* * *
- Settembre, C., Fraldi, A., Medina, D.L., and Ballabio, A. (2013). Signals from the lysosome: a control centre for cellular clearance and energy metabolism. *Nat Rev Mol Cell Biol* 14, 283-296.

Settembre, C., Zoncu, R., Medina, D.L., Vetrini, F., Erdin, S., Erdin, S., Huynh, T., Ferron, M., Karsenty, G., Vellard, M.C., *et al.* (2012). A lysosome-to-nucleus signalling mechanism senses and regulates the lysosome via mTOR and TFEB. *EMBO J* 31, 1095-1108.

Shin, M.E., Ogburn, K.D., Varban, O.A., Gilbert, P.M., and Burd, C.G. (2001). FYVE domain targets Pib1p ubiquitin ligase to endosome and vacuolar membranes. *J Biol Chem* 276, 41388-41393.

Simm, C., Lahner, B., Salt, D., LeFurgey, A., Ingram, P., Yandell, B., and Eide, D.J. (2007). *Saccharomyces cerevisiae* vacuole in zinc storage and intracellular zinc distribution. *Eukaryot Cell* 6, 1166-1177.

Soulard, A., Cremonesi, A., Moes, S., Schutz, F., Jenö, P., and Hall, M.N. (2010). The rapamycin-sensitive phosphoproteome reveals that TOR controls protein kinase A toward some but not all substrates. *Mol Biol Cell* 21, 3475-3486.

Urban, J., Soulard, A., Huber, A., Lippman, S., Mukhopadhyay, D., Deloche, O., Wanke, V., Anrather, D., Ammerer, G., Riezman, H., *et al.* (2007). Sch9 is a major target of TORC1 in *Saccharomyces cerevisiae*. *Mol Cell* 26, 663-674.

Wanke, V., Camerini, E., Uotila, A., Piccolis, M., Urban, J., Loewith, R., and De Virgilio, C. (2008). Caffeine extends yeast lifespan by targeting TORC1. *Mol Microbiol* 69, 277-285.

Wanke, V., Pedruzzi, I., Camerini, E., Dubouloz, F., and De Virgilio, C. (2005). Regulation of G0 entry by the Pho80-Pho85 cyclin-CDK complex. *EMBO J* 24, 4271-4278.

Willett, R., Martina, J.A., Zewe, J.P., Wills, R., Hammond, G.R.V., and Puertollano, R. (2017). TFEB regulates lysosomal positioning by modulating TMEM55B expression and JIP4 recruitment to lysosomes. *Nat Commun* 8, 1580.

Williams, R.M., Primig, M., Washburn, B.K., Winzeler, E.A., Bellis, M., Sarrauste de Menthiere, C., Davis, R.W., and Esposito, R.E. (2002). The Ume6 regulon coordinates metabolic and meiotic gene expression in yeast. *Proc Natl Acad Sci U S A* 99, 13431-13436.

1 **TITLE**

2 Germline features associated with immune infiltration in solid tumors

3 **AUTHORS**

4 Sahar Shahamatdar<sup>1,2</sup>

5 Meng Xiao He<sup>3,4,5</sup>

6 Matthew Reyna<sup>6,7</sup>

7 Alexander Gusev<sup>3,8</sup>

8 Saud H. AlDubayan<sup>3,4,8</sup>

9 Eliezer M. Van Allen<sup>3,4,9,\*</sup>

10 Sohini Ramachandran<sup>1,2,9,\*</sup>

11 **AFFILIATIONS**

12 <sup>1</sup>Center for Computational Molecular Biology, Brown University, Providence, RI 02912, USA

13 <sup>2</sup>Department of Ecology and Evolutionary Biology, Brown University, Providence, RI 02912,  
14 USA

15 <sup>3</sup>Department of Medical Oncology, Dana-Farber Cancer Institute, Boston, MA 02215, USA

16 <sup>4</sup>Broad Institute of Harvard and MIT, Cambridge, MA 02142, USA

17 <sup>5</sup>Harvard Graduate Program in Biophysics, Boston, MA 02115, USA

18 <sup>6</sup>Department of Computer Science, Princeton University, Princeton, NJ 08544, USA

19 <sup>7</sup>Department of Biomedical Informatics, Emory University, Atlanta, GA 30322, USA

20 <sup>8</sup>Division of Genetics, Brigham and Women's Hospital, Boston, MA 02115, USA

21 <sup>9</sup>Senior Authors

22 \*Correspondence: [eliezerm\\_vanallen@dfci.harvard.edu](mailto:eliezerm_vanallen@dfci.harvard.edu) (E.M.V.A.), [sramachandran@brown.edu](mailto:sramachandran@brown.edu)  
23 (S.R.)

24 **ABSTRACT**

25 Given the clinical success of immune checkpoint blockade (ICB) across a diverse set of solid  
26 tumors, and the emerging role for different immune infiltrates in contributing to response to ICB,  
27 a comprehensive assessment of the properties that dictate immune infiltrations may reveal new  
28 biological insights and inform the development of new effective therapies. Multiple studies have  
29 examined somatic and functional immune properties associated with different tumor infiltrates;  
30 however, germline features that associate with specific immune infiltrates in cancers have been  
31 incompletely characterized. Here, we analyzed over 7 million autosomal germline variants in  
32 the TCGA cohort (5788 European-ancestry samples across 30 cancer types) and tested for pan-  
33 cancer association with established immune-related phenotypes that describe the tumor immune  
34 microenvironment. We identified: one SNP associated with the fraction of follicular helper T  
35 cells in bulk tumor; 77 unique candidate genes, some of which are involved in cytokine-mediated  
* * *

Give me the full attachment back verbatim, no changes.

- Settembre, C., Fraldi, A., Medina, D.L., and Ballabio, A. (2013). Signals from the lysosome: a control centre for cellular clearance and energy metabolism. *Nat Rev Mol Cell Biol* 14, 283-296.

Settembre, C., Zoncu, R., Medina, D.L., Vetrini, F., Erdin, S., Erdin, S., Huynh, T., Ferron, M., Karsenty, G., Vellard, M.C., *et al.* (2012). A lysosome-to-nucleus signalling mechanism senses and regulates the lysosome via mTOR and TFEB. *EMBO J* 31, 1095-1108.

Shin, M.E., Ogburn, K.D., Varban, O.A., Gilbert, P.M., and Burd, C.G. (2001). FYVE domain targets Pib1p ubiquitin ligase to endosome and vacuolar membranes. *J Biol Chem* 276, 41388-41393.

Simm, C., Lahner, B., Salt, D., LeFurgey, A., Ingram, P., Yandell, B., and Eide, D.J. (2007). *Saccharomyces cerevisiae* vacuole in zinc storage and intracellular zinc distribution. *Eukaryot Cell* 6, 1166-1177.

Soulard, A., Cremonesi, A., Moes, S., Schutz, F., Jenö, P., and Hall, M.N. (2010). The rapamycin-sensitive phosphoproteome reveals that TOR controls protein kinase A toward some but not all substrates. *Mol Biol Cell* 21, 3475-3486.

Urban, J., Soulard, A., Huber, A., Lippman, S., Mukhopadhyay, D., Deloche, O., Wanke, V., Anrather, D., Ammerer, G., Riezman, H., *et al.* (2007). Sch9 is a major target of TORC1 in *Saccharomyces cerevisiae*. *Mol Cell* 26, 663-674.

Wanke, V., Camerini, E., Uotila, A., Piccolis, M., Urban, J., Loewith, R., and De Virgilio, C. (2008). Caffeine extends yeast lifespan by targeting TORC1. *Mol Microbiol* 69, 277-285.

Wanke, V., Pedruzzi, I., Camerini, E., Dubouloz, F., and De Virgilio, C. (2005). Regulation of G0 entry by the Pho80-Pho85 cyclin-CDK complex. *EMBO J* 24, 4271-4278.

Willett, R., Martina, J.A., Zewe, J.P., Wills, R., Hammond, G.R.V., and Puertollano, R. (2017). TFEB regulates lysosomal positioning by modulating TMEM55B expression and JIP4 recruitment to lysosomes. *Nat Commun* 8, 1580.

Williams, R.M., Primig, M., Washburn, B.K., Winzeler, E.A., Bellis, M., Sarrauste de Menthiere, C., Davis, R.W., and Esposito, R.E. (2002). The Ume6 regulon coordinates metabolic and meiotic gene expression in yeast. *Proc Natl Acad Sci U S A* 99, 13431-13436.

1 **TITLE**

2 Germline features associated with immune infiltration in solid tumors

3 **AUTHORS**

4 Sahar Shahamatdar<sup>1,2</sup>

5 Meng Xiao He<sup>3,4,5</sup>

6 Matthew Reyna<sup>6,7</sup>

7 Alexander Gusev<sup>3,8</sup>

8 Saud H. AlDubayan<sup>3,4,8</sup>

9 Eliezer M. Van Allen<sup>3,4,9,\*</sup>

10 Sohini Ramachandran<sup>1,2,9,\*</sup>

11 **AFFILIATIONS**

12 <sup>1</sup>Center for Computational Molecular Biology, Brown University, Providence, RI 02912, USA

13 <sup>2</sup>Department of Ecology and Evolutionary Biology, Brown University, Providence, RI 02912,  
14 USA

15 <sup>3</sup>Department of Medical Oncology, Dana-Farber Cancer Institute, Boston, MA 02215, USA

16 <sup>4</sup>Broad Institute of Harvard and MIT, Cambridge, MA 02142, USA

17 <sup>5</sup>Harvard Graduate Program in Biophysics, Boston, MA 02115, USA

18 <sup>6</sup>Department of Computer Science, Princeton University, Princeton, NJ 08544, USA

19 <sup>7</sup>Department of Biomedical Informatics, Emory University, Atlanta, GA 30322, USA

20 <sup>8</sup>Division of Genetics, Brigham and Women's Hospital, Boston, MA 02115, USA

21 <sup>9</sup>Senior Authors

22 \*Correspondence: [eliezerm\\_vanallen@dfci.harvard.edu](mailto:eliezerm_vanallen@dfci.harvard.edu) (E.M.V.A.), [sramachandran@brown.edu](mailto:sramachandran@brown.edu)  
23 (S.R.)

24 **ABSTRACT**

25 Given the clinical success of immune checkpoint blockade (ICB) across a diverse set of solid  
26 tumors, and the emerging role for different immune infiltrates in contributing to response to ICB,  
27 a comprehensive assessment of the properties that dictate immune infiltrations may reveal new  
28 biological insights and inform the development of new effective therapies. Multiple studies have  
29 examined somatic and functional immune properties associated with different tumor infiltrates;  
30 however, germline features that associate with specific immune infiltrates in cancers have been  
31 incompletely characterized. Here, we analyzed over 7 million autosomal germline variants in  
32 the TCGA cohort (5788 European-ancestry samples across 30 cancer types) and tested for pan-  
33 cancer association with established immune-related phenotypes that describe the tumor immune  
34 microenvironment. We identified: one SNP associated with the fraction of follicular helper T  
35 cells in bulk tumor; 77 unique candidate genes, some of which are involved in cytokine-mediated  